California's Highway 1
It's July and I'm in Redding, California. I have to return my borrowed SV650S to American Suzuki in Los Angeles. I could strafe Interstate 5 through the Sacramento and San Joaquin Valleys under the blistering summer sun and get there in a day. Or I could add a day to my trip and savor the serpentine bends and ocean breezes of California's coast road, Highway 1. - Is there a choice?
"California One" was begun, not as I had assumed as one of FDR's New Deal projects, but by joining a piecemeal collection of existing coast roads, starting in 1919. The intention was to create a continuous coast highway from Mexico to Oregon. It's true that many of the intermittent stretches of highway were linked during the 1930s and '40s, but it wasn't until 1964 that the more-or-less continuous road from Leggett to San Juan Capistrano was finally accorded a single designation: Highway 1.
From Redding, though, I first have to get from the Sacramento Valley to the west coast. That means traversing the Siskiyou Mountains and the Shasta-Trinity National Forest, and reprising one of my favorite roads: California 36. The northern reaches of the Golden State are blessed with exquisite twisties, and those on 36 are some of the finest and most challenging. The tarmac inevitably tracks the meandering creeks, canyons and cliffsides through the Siskiyous, presenting an unsuspecting rider with blind decreasing radius turns as well as a sublime succession of fast sweepers. Especially enjoyable is the rollicking ride through the western slopes down to Rio Dell on Hwy 101.
Motorcycle & Gear
2006 Suzuki SV650S
Helmet: AGV Ti-tech
Pants: Draggin' Jeans
Boots: BMW Allround
South on 101 takes me along the Avenue of the Giants. The towering trunks of the redwoods and their dense-needled branches create a cool microclimate of dark tunnels and glades. Big trees are a strong roadside theme: the "one log" house; the 24-ft diameter "grandfather tree" and, of course, drive-through trees by the dozen. I rode my bike through Leggett's "Chandelier Tree" on a previous visit in 2001, but decide to pass it this time.
Leggett is the northern end of California 1. The 15 miles leading to the coast was the last section to be completed, in 1951. As a result, the 100 miles of California coastline north from Rockport to Ferndale became the longest stretch without a highway, earning its "Lost Coast" appellation. Between Leggett and Rockport there are some of the twistiest stretches of tarmac anywhere: the narrow blacktop, just a single lane in places, zigzags through the trees and leaps over the slopes like a startled deer. Straights for overtaking the crawling motorhomes and dawdling cars are scarce, but somehow I manage…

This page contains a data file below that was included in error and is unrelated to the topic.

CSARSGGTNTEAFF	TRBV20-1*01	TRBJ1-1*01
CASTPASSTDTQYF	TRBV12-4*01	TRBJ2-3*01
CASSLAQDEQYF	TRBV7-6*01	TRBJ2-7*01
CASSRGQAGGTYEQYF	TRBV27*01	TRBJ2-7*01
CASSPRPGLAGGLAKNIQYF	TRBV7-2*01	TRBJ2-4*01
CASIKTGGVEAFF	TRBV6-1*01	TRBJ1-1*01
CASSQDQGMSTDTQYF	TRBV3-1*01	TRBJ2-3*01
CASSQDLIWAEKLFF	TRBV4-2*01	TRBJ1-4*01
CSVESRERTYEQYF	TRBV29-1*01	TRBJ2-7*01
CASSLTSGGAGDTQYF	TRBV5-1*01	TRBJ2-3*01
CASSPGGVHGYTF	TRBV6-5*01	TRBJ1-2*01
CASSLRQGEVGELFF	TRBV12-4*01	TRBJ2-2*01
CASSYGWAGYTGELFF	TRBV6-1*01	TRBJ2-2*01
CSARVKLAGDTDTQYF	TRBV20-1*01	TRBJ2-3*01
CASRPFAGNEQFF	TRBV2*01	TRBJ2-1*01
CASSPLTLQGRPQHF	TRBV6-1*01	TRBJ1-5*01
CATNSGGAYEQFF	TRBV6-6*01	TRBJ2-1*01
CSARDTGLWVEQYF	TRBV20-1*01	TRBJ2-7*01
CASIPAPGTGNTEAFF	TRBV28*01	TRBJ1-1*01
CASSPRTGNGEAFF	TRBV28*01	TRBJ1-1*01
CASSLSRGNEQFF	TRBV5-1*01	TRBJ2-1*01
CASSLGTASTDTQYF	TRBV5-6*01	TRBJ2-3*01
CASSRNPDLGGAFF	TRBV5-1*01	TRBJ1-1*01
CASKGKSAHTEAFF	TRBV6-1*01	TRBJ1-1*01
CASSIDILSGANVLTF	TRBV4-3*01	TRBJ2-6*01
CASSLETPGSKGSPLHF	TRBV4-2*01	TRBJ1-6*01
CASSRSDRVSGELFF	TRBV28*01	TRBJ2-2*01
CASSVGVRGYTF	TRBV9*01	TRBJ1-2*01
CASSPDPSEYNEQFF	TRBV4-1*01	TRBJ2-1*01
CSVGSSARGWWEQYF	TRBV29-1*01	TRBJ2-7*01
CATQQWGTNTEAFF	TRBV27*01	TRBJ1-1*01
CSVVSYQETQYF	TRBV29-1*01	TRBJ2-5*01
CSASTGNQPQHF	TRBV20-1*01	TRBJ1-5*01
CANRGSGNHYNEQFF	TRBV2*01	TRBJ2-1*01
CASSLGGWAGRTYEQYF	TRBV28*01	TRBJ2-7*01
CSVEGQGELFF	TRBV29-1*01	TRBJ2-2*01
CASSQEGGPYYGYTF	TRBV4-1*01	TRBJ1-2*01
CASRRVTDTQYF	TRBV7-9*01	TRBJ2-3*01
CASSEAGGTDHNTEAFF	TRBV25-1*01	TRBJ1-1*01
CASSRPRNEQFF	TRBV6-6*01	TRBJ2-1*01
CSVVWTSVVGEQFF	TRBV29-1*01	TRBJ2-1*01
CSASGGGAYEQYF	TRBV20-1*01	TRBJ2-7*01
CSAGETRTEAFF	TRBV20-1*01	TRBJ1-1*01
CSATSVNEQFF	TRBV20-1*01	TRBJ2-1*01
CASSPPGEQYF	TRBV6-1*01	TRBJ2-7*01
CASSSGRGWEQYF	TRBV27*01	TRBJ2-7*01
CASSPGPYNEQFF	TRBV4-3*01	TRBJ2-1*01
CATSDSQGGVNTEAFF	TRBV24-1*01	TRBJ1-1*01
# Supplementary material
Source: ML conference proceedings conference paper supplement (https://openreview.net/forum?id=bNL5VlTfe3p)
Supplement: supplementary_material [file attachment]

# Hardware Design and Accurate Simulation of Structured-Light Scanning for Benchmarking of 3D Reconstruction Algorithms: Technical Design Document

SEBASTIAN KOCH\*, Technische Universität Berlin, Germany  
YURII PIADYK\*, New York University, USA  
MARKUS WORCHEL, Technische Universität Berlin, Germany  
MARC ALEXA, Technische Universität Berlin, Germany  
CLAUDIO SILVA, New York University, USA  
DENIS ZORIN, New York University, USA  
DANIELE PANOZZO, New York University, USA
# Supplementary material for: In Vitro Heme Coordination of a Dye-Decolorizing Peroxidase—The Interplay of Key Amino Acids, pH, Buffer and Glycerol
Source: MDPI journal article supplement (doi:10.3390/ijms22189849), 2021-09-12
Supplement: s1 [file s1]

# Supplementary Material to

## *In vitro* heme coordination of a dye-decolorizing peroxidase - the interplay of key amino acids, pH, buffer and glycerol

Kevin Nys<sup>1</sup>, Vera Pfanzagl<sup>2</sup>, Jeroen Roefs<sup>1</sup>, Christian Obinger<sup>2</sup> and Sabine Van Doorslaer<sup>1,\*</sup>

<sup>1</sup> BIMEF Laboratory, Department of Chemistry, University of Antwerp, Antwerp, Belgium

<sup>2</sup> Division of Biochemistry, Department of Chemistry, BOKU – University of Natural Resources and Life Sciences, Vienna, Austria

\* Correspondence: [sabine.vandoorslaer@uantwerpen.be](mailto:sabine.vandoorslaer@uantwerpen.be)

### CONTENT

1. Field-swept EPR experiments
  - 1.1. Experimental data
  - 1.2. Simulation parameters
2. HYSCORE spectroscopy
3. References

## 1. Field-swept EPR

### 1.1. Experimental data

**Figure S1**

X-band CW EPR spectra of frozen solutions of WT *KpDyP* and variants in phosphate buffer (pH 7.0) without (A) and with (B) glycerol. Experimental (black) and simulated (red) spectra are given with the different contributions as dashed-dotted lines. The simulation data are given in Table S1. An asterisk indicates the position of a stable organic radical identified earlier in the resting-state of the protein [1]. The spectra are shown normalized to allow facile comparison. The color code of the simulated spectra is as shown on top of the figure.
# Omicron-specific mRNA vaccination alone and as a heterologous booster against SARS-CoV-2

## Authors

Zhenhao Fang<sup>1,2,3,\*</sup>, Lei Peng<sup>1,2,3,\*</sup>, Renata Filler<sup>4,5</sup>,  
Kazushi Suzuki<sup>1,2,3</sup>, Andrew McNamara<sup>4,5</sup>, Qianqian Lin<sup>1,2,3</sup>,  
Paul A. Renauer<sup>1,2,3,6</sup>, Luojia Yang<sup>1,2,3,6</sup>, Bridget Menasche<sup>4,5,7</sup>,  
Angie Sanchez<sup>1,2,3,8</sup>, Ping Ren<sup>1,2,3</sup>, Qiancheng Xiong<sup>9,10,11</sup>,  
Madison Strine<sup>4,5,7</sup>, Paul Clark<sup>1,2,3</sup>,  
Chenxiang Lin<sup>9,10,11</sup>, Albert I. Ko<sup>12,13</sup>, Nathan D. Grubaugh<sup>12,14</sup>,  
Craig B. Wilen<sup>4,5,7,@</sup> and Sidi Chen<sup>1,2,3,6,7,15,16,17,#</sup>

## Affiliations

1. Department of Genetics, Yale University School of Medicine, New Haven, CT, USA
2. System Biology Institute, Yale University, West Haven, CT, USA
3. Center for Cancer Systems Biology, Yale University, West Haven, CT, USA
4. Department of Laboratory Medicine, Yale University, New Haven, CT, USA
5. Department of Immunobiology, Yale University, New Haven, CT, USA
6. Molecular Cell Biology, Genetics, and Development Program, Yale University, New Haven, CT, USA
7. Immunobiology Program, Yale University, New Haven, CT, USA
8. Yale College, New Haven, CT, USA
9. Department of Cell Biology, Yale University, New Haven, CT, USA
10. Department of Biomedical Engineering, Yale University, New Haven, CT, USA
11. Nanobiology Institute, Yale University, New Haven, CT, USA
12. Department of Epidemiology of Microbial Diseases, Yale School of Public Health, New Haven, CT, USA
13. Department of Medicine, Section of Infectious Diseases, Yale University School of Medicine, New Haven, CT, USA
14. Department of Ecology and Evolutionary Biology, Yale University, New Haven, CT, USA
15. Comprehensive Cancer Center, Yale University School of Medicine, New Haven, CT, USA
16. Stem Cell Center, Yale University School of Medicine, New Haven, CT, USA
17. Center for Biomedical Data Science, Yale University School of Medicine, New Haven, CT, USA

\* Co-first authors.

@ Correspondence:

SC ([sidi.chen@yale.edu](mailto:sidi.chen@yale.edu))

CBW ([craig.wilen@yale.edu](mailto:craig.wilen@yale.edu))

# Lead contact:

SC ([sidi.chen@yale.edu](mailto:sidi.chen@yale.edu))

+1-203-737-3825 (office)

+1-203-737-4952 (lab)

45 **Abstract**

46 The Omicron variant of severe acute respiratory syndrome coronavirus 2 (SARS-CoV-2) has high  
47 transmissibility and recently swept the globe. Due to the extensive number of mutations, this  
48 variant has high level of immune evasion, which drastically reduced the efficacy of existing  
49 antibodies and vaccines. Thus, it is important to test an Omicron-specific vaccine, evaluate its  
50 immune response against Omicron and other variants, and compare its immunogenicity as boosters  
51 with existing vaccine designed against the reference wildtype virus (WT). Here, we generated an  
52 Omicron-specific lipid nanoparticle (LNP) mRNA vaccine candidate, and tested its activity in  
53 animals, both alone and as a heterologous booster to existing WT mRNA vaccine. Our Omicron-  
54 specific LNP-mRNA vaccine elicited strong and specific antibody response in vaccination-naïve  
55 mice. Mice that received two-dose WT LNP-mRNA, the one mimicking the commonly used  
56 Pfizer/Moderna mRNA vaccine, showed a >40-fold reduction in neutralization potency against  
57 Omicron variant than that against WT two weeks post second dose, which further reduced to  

"I left my heart in San Francisco…"
One thrusts me out of the woods right onto cliffs overlooking the ocean. Under a clear azure sky, white-fringed waves roll ashore on a narrow beach. A cool ocean mist drifts inland, obscuring the view. At other times, I've traveled the California coast seeing almost nothing of the sea, and I'm hoping the mist will burn off on this trip. The road hurtles back into the redwoods for 20-odd miles, leaving the haze of the coast and treating me to a riotous romp of tight turns and sweet esses as it winds through the trees.
Back near the coast, the mist hangs over Mendocino's trendy town center of organic markets, galleries and bookstores. I had planned to stop for gas and some refreshment at the Stewarts Point General Store a few miles further south, but when I get there, the old wooden building on stilts is closed. Stewarts Point is also notable as the start of the Stewarts Point-Skaggs Springs Road, one of northern California's most famous and favorite motorcycling detours. Unfortunately, it's also a popular revenue-generating road for Sonoma County speed cops!
Staying on the coast, I roll south through Jenner and Bodega Bay (the setting of Hitchcock's The Birds) toward San Francisco. A magical stretch of road, the highway rambles over grassy cliffs and deeks around the edges of the numerous ravines and inlets that slice into them. I've attended two motorcycle-press intros that have used this stretch of highway, and it's featured in numerous on-screen car ads too.
It's also a popular weekend motor-tour route as I discover when Stinson Beach nears, with traffic becoming thicker than the bugs piling up on my windshield. The mist has dissipated though, and the sun is sinking low over the sea as I turn onto Conzelman Road, a route that takes me to a favorite overlook of the Golden Gate. Luck holds, and I'm rewarded with a bright, beautiful view of the world-famous bridge.
Next day, the morning fog is definitely chilling the air (just as Tony Bennett noted in his classic song) as I hand over my five dollars for the bridge toll. I'd planned to take One out through the city, but a washout on the coast near Pacifica put the kybosh to that. My consolation: riding riotous California 92 through the coast hills to Half Moon Bay, crossing Skyline Boulevard on the way. South of 92 near Woodside is Alice's Restaurant, and I would have loved to detour to meet the Sunday morning riders, but my schedule is too tight.